By Helene Cooper
Journalist Helene Cooper examines the violent prior of her domestic nation Liberia and the consequences of its 1980 army coup during this deeply own memoir and finalist for the 2008 nationwide publication Critics Circle Award.
Helene Cooper is “Congo,” a descendant of 2 Liberian dynasties—traced again to the 1st send of freemen that set sail from big apple in 1820 to stumbled on Monrovia. Helene grew up at Sugar seashore, a twenty-two-room mansion through the ocean. Her early life used to be choked with servants, flashy automobiles, a villa in Spain, and a farmhouse up-country. It used to be additionally an African adolescence, jam-packed with knock foot video games and scorching pepper soup, heartmen and neegee. whilst Helene was once 8, the Coopers took in a foster child—a universal customized one of the Liberian elite. Eunice, a Bassa woman, abruptly grew to become often called “Mrs. Cooper’s daughter.”
For years the Cooper daughters—Helene, her sister Marlene, and Eunice—blissfully loved the trimmings of wealth and virtue. yet Liberia was once like an unwatched pot of water left boiling at the range. And on April 12, 1980, a bunch of infantrymen staged a coup d'état, assassinating President William Tolbert and executing his cupboard. The Coopers and the total Congo category have been now the hunted, being imprisoned, shot, tortured, and raped. After a brutal sunlight assault by way of a ragtag group of infantrymen, Helene, Marlene, and their mom fled Sugar seashore, after which Liberia, for the United States. They left Eunice behind.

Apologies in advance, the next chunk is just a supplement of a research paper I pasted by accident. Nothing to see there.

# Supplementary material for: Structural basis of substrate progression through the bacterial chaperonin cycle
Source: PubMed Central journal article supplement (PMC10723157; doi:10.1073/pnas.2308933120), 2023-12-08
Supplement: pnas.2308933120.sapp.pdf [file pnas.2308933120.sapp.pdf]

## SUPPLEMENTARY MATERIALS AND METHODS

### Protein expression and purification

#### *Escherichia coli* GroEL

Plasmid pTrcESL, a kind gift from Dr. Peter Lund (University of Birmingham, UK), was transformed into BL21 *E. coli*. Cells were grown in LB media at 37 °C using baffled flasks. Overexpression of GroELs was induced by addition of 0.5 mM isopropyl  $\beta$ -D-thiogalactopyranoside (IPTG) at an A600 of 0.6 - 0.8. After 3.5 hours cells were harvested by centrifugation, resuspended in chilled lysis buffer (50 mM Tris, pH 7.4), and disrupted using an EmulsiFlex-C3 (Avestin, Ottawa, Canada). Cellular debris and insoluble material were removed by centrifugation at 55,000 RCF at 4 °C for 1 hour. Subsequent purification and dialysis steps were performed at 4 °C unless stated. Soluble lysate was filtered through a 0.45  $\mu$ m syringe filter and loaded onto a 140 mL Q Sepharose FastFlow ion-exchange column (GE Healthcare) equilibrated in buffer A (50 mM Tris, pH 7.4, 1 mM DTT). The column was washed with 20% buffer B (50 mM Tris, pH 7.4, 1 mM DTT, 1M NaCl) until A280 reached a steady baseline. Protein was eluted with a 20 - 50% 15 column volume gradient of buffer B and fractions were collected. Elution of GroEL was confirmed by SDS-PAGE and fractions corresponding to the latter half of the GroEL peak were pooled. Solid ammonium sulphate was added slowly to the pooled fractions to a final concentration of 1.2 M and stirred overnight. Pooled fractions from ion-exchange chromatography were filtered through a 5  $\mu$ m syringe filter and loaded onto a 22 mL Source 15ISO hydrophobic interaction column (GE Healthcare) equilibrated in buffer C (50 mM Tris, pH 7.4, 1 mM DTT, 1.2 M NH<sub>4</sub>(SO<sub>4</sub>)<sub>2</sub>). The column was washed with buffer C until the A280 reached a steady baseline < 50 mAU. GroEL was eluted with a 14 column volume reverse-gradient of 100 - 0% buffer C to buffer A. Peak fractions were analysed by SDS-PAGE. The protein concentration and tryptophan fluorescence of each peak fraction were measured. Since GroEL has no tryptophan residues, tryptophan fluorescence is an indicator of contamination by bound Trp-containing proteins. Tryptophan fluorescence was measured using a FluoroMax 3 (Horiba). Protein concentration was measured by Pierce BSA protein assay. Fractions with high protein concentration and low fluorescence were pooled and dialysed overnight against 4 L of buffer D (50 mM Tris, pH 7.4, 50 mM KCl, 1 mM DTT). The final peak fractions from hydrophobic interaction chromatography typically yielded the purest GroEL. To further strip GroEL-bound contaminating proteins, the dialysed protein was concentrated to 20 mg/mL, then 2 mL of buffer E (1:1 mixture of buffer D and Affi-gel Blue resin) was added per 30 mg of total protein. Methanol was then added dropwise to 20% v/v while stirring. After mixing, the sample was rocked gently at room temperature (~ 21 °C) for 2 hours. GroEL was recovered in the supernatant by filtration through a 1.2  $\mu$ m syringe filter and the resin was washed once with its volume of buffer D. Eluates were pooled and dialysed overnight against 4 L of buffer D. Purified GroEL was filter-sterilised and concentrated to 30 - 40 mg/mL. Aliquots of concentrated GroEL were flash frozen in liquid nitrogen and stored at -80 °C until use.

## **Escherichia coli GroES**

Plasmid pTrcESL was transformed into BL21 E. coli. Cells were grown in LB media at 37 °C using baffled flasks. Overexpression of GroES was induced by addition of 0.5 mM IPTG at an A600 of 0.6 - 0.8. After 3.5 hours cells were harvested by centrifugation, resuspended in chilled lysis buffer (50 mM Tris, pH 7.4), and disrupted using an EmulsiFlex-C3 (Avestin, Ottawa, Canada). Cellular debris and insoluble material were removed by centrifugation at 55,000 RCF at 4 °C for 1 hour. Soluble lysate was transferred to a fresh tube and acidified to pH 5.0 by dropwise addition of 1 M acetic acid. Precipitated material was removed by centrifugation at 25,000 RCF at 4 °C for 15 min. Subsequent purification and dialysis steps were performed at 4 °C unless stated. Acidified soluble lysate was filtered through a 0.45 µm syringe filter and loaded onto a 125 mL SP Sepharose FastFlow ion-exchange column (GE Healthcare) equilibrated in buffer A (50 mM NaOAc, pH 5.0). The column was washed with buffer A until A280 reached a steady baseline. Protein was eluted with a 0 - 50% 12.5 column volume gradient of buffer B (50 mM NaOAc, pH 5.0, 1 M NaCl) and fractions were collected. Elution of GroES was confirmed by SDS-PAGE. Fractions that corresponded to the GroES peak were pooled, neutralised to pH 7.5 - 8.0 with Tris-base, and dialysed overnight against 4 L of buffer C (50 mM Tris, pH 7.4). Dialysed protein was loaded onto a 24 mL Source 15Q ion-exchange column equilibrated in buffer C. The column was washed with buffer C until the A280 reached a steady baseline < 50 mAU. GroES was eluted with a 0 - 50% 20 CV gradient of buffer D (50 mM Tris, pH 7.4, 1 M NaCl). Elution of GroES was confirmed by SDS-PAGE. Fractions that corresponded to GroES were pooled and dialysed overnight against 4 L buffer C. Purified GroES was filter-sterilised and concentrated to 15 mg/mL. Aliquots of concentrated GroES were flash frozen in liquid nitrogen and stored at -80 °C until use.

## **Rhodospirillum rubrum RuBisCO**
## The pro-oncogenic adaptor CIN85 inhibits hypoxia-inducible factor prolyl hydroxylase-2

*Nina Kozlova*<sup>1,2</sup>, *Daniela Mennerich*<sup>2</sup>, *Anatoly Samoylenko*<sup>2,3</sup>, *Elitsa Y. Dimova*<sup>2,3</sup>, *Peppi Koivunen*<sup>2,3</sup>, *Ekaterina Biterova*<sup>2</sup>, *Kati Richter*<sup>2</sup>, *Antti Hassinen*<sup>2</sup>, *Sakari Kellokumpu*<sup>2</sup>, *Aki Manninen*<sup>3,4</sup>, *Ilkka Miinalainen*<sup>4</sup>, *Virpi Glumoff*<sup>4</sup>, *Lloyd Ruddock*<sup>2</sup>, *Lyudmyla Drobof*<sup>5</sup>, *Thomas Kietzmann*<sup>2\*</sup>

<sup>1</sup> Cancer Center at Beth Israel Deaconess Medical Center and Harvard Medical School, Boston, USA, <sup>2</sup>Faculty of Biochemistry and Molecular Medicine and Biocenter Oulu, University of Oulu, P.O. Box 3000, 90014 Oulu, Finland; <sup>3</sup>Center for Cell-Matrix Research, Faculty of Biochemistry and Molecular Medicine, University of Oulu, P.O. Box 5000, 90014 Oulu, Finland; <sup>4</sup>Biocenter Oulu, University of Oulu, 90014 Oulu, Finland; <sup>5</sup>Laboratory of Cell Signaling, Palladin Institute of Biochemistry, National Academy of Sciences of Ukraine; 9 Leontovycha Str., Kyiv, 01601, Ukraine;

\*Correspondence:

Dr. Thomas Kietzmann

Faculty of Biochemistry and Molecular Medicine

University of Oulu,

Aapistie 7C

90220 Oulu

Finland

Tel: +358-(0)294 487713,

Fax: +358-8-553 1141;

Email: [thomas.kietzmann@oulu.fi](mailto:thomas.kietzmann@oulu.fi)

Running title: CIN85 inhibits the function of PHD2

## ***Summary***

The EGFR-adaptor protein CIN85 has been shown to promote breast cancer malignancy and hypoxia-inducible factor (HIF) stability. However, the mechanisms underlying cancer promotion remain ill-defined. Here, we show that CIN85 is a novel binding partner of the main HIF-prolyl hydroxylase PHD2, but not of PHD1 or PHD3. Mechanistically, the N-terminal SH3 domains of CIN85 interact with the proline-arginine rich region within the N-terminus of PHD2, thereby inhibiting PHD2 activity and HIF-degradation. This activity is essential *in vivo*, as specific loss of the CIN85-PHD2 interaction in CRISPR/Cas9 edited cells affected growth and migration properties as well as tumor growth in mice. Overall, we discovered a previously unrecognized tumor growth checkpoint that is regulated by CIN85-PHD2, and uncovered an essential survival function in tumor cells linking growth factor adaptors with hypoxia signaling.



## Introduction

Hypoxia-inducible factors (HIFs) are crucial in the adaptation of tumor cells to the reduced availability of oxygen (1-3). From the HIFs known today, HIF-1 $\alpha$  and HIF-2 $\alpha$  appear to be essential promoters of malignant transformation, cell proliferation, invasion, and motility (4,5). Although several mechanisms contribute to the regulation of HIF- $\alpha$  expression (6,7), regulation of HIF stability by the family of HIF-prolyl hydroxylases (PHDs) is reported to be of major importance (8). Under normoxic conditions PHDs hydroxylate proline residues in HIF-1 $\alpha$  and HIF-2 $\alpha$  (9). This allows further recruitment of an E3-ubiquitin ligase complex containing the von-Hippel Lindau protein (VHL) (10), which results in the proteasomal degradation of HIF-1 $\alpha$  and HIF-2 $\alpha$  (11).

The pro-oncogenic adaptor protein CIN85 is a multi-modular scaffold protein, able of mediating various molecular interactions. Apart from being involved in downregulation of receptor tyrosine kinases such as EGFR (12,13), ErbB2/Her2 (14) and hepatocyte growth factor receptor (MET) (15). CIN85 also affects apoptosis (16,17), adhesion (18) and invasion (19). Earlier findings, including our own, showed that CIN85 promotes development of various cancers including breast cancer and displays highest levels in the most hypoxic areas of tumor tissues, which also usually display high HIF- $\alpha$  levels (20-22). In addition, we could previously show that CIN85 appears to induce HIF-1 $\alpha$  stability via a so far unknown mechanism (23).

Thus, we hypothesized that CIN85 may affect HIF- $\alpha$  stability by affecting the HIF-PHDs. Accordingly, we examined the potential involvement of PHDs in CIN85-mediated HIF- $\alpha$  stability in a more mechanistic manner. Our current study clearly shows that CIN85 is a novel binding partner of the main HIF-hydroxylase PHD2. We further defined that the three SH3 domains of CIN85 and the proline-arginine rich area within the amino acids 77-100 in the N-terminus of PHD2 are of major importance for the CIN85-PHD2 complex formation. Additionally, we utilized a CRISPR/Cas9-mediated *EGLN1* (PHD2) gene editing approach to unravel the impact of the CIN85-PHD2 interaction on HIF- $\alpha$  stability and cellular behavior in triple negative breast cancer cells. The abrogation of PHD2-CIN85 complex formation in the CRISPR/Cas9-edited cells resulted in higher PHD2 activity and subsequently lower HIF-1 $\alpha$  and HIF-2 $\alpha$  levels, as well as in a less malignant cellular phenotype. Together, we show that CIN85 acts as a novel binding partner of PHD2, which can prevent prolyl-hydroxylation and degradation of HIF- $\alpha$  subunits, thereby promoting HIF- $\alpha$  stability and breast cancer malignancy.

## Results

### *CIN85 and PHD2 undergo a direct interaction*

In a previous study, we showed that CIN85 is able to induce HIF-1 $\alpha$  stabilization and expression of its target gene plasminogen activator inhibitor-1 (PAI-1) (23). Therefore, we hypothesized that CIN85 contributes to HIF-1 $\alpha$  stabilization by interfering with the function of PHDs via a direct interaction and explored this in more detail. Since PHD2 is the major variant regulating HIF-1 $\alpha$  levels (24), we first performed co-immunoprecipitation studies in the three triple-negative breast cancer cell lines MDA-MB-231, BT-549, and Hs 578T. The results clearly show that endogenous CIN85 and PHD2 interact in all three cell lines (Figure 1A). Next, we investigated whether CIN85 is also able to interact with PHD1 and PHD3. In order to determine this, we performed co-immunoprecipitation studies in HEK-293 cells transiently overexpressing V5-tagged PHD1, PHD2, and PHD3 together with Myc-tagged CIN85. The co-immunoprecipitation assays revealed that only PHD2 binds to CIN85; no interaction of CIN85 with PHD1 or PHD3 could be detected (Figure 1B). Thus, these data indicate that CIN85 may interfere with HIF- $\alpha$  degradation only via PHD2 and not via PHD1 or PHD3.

A international away, Helene attempted to assimilate as an American teen. on the collage of North Carolina at Chapel Hill she came across her ardour in journalism, ultimately changing into a reporter for the Wall highway Journal and the New York Times. She mentioned from the whole lot of the globe—except Africa—as Liberia descended into war-torn, third-world hell.
In 2003, a near-death adventure in Iraq confident Helene that Liberia—and Eunice—could wait not. instantaneously a deeply own memoir and an exam of a violent and stratified nation, The condominium at Sugar Beach tells of tragedy, forgiveness, and transcendence with unflinching honesty and a survivor's light humor. And at its middle, it's a tale of Helene Cooper’s lengthy voyage domestic.